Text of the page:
U Penn School of Arts and Sciences
Department of Mathematics
   

Penn Math

Department of Mathematics

Colloquia, Seminars, and Lecture Series

The Mathematics Colloquium meets on many Wednesday afternoons during the semester to hear invited lecturers from other universities. All graduate students are encouraged to attend. This is preceded by the Department's large Wednesday afternoon tea, at which there is lively informal discussion as well as cakes for refreshment. On those Wednesdays on which colloquia are not scheduled, there may be special lectures aimed specifically at students. In addition, the Department sponsors the Hans Rademacher Lectures, an endowed series of special lectures that bring mathematicians of world renown to the Department to present important developments in current research. There are two series of Rademacher lectures per year, one each term. The Rademacher Lecturer is in residence for a week, presents four one hour lectures, and is available for informal discussions. During the week of the Rademacher lectures, there are special teas and an especially active social calendar providing ample informal discussion time for faculty, students, and visitors.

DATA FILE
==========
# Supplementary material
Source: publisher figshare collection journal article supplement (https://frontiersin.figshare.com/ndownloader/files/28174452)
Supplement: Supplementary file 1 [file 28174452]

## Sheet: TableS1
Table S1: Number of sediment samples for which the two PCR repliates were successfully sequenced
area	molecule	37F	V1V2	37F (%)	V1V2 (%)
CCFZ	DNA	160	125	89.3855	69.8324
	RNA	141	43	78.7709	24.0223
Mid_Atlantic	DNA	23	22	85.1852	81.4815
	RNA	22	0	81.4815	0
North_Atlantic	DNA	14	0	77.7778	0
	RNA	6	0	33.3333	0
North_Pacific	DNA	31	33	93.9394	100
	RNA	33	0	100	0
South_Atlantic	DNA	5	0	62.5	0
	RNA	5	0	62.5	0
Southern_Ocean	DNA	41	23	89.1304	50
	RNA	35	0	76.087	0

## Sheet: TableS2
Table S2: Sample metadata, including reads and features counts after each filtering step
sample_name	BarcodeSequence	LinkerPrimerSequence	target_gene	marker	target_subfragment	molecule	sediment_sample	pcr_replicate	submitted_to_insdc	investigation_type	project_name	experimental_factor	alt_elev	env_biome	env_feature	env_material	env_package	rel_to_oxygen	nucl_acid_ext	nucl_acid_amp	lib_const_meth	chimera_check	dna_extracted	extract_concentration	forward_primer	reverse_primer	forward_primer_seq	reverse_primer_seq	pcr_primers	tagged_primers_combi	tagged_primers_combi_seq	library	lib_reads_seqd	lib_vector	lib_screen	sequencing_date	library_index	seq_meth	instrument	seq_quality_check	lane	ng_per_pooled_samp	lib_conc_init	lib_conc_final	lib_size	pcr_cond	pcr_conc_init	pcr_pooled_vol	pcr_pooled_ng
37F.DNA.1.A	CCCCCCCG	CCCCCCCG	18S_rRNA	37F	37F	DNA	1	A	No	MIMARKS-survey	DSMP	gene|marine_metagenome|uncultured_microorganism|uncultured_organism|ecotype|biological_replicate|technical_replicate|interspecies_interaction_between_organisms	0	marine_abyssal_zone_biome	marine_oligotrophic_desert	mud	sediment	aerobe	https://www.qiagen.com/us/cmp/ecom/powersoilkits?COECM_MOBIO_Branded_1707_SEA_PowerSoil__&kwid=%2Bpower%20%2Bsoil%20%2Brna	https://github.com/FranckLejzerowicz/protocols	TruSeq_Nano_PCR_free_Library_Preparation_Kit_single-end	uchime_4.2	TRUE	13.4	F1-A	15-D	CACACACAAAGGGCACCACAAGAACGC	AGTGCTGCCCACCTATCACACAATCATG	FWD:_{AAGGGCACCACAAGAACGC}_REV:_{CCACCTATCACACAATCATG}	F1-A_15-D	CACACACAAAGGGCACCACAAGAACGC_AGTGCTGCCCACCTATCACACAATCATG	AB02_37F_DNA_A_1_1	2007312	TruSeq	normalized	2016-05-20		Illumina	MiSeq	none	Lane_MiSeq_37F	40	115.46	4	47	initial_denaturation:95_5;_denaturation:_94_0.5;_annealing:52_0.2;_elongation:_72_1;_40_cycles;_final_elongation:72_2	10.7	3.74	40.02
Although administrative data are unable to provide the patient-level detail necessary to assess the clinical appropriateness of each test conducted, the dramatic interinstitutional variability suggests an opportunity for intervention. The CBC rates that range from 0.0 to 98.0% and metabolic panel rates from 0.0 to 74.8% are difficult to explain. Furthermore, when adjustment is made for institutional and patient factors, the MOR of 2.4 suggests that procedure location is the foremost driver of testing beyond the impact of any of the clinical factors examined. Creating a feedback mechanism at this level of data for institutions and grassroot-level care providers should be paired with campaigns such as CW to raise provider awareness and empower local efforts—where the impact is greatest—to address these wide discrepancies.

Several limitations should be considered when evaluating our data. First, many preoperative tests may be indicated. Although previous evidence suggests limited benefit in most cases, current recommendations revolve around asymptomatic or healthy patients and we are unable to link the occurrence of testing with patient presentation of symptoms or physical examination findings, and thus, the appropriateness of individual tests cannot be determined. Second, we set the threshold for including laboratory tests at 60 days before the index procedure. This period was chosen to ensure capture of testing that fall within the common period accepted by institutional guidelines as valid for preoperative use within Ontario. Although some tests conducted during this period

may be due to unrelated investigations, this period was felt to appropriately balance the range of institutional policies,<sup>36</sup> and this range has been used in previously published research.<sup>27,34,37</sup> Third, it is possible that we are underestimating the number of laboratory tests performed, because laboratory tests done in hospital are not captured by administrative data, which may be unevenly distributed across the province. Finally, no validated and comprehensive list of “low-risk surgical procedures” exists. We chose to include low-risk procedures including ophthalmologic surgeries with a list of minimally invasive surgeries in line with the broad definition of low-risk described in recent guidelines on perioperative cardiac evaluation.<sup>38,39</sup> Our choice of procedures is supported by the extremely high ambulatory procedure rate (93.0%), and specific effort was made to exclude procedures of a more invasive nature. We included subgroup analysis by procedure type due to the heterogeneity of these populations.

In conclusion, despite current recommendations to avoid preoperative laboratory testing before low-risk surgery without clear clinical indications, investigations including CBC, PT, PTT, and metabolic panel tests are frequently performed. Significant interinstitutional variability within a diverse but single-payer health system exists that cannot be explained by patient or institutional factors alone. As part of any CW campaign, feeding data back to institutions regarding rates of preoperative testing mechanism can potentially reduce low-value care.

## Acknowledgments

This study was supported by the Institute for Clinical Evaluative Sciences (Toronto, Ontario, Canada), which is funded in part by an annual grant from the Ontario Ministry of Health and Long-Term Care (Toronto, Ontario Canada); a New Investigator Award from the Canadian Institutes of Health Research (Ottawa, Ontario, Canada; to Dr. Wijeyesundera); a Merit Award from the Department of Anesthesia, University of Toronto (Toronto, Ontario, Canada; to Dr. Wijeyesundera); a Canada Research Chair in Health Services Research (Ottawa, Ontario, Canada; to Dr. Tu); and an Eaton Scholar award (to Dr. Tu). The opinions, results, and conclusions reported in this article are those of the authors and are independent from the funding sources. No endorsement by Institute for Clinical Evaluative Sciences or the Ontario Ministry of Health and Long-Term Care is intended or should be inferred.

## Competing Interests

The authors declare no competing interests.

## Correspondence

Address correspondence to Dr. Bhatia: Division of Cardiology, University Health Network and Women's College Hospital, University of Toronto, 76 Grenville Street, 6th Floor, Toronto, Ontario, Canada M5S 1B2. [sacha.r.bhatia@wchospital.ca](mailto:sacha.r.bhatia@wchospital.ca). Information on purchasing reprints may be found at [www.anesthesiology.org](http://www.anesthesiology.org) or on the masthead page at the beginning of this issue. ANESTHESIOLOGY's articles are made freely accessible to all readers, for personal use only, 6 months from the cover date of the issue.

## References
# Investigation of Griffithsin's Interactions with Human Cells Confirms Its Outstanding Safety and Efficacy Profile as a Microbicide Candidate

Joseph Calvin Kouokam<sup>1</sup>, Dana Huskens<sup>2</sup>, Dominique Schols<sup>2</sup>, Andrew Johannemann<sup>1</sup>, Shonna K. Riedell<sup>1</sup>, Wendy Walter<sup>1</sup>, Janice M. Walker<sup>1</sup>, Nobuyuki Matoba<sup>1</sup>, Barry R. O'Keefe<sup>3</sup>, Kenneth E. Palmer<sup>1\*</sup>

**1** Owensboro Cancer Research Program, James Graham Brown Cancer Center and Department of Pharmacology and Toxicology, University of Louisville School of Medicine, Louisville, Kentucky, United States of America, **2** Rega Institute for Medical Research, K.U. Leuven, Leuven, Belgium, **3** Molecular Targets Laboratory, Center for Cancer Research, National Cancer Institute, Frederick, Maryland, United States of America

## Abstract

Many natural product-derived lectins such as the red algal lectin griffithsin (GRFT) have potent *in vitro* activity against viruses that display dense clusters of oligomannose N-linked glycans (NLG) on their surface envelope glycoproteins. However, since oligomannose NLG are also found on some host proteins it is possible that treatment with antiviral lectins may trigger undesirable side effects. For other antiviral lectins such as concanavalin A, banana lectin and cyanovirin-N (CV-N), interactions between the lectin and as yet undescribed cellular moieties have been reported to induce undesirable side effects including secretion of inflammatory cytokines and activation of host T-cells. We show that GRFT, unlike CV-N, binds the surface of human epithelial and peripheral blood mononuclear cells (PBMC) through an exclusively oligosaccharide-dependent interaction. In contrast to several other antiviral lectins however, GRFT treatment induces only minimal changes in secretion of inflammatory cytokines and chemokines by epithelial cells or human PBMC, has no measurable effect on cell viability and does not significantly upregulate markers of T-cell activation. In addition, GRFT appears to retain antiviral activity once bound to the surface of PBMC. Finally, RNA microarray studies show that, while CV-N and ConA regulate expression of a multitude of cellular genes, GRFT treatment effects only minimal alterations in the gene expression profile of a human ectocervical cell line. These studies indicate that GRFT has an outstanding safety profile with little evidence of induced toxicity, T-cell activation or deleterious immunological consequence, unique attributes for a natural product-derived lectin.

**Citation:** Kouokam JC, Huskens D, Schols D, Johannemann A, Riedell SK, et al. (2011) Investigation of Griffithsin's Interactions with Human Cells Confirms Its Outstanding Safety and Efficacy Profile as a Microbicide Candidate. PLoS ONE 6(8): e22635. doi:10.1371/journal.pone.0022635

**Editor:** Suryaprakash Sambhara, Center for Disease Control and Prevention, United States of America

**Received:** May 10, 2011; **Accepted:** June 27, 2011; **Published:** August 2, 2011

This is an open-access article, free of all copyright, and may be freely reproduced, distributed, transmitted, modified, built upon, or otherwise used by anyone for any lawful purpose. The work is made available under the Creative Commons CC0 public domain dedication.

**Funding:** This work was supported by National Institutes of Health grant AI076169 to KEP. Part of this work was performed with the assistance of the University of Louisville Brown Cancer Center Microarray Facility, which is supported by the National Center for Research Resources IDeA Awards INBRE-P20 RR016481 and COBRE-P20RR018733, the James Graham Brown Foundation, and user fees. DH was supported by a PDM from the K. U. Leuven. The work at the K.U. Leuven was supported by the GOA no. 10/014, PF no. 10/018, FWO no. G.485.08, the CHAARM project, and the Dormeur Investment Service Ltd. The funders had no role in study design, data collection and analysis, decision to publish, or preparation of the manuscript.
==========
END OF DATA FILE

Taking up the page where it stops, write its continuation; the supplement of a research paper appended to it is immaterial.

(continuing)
There are many weekly seminars at which lecturers, mostly from other institutions, speak about current research. Advanced graduate students are expected to regularly attend at least one of these seminars. There are also a number of student seminars, in which graduate students give the lectures to groups of other students and faculty; reading seminars, in which students and faculty in a given area of mathematics read and discuss recent research papers; and the Pizza Seminar, at which grad students speak to an audience just of other students, and at which the Math Department provides pizza and drinks.

The Department publishes the "Philadelphia Area Mathematical Calendar" weekly, in which all these activities are detailed. There is also a daily afternoon tea at 3 P.M. which is attended by both students and faculty. It provides a valuable informal setting for the regular exchange of ideas.

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